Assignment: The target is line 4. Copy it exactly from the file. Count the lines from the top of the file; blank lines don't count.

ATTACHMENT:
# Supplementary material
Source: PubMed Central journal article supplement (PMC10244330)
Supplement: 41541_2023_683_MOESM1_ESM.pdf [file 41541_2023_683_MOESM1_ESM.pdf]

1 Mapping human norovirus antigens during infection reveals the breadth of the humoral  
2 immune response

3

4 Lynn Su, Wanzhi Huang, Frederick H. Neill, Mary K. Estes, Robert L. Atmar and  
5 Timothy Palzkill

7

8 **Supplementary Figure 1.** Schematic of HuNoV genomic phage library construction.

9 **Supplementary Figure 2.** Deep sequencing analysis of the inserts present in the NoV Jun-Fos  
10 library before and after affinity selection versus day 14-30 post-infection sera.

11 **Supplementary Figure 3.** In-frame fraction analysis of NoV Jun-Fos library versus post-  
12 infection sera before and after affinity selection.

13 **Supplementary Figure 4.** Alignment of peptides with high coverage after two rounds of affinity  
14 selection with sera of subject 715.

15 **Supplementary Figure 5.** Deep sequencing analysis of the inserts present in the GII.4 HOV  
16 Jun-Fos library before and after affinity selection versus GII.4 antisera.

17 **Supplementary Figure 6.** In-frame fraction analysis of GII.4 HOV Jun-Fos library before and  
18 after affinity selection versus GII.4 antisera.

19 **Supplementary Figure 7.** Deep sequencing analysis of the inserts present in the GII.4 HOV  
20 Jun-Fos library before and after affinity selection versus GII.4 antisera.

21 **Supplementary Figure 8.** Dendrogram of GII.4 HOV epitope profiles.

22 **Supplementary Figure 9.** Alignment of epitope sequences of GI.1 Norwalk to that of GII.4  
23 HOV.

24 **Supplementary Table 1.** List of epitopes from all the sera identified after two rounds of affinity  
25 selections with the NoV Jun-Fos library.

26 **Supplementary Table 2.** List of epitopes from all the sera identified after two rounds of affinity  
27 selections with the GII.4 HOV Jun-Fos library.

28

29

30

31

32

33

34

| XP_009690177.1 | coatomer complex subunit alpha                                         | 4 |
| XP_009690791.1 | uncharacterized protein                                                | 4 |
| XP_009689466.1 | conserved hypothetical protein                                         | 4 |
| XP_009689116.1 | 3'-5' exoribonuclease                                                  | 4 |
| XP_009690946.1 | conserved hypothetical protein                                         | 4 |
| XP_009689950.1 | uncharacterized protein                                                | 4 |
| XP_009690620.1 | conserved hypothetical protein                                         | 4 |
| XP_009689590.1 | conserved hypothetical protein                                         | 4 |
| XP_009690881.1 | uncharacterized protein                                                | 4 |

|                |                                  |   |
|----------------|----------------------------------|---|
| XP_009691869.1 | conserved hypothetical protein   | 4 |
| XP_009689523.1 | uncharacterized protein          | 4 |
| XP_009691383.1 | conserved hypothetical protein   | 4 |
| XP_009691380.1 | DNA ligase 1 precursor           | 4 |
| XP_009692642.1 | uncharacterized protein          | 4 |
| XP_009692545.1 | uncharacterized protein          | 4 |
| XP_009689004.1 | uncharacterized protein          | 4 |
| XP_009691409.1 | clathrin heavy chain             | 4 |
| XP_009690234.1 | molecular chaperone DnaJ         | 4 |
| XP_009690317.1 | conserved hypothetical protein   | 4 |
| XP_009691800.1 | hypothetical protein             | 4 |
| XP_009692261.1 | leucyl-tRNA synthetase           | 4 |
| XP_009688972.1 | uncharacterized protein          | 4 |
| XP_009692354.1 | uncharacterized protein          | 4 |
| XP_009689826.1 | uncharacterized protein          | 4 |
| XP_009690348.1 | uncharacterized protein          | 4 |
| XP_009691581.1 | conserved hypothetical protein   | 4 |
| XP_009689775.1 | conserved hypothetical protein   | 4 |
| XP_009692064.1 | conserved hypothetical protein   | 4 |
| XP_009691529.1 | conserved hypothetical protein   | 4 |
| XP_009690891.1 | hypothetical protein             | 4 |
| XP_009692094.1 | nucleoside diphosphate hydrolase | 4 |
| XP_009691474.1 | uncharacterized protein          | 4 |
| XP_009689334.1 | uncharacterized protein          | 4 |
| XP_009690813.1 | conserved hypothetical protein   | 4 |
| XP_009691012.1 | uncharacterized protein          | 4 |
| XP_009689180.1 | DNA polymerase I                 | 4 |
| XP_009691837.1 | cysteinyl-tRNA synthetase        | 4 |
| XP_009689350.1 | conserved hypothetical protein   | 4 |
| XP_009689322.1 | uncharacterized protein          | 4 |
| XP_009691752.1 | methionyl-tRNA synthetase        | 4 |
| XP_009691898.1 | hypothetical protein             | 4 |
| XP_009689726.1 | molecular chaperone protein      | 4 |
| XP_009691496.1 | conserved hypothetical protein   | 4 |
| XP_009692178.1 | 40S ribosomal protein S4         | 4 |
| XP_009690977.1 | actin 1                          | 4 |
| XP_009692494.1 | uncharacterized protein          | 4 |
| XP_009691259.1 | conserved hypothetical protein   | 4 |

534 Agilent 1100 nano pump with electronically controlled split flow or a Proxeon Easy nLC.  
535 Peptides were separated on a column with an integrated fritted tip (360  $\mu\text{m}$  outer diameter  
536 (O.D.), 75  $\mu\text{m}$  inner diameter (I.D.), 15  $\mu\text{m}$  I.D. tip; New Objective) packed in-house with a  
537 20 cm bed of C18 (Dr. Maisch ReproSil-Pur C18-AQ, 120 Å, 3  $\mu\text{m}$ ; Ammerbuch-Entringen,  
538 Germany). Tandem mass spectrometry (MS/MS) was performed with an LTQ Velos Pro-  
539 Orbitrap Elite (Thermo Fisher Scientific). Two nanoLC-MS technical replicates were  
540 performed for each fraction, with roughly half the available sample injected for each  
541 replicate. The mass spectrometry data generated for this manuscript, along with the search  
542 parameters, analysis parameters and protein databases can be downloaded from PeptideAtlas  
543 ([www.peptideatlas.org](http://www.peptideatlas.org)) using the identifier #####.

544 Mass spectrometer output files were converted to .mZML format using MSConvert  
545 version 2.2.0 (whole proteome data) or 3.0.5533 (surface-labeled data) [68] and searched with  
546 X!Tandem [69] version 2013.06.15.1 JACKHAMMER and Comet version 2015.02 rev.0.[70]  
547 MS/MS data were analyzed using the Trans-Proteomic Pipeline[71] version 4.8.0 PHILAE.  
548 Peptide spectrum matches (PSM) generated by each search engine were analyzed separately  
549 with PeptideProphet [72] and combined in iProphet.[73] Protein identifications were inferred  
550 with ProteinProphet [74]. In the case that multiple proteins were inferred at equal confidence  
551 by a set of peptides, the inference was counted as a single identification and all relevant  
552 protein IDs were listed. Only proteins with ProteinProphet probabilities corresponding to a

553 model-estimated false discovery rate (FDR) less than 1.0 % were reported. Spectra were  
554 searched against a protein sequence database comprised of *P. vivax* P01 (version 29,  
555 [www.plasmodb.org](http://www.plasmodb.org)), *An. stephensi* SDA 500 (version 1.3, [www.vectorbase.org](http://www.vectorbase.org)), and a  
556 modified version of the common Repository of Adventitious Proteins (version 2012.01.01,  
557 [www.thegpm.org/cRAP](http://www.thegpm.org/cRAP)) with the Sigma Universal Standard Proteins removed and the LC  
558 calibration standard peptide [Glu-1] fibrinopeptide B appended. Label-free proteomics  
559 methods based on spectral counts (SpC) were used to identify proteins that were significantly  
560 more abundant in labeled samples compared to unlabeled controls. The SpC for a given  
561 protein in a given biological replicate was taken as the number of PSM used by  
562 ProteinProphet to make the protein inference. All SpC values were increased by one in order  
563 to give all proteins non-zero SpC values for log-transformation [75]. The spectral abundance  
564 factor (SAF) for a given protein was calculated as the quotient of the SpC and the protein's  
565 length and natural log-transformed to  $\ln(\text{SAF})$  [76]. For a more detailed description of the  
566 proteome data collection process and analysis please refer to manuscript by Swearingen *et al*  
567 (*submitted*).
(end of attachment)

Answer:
1 Mapping human norovirus antigens during infection reveals the breadth of the humoral  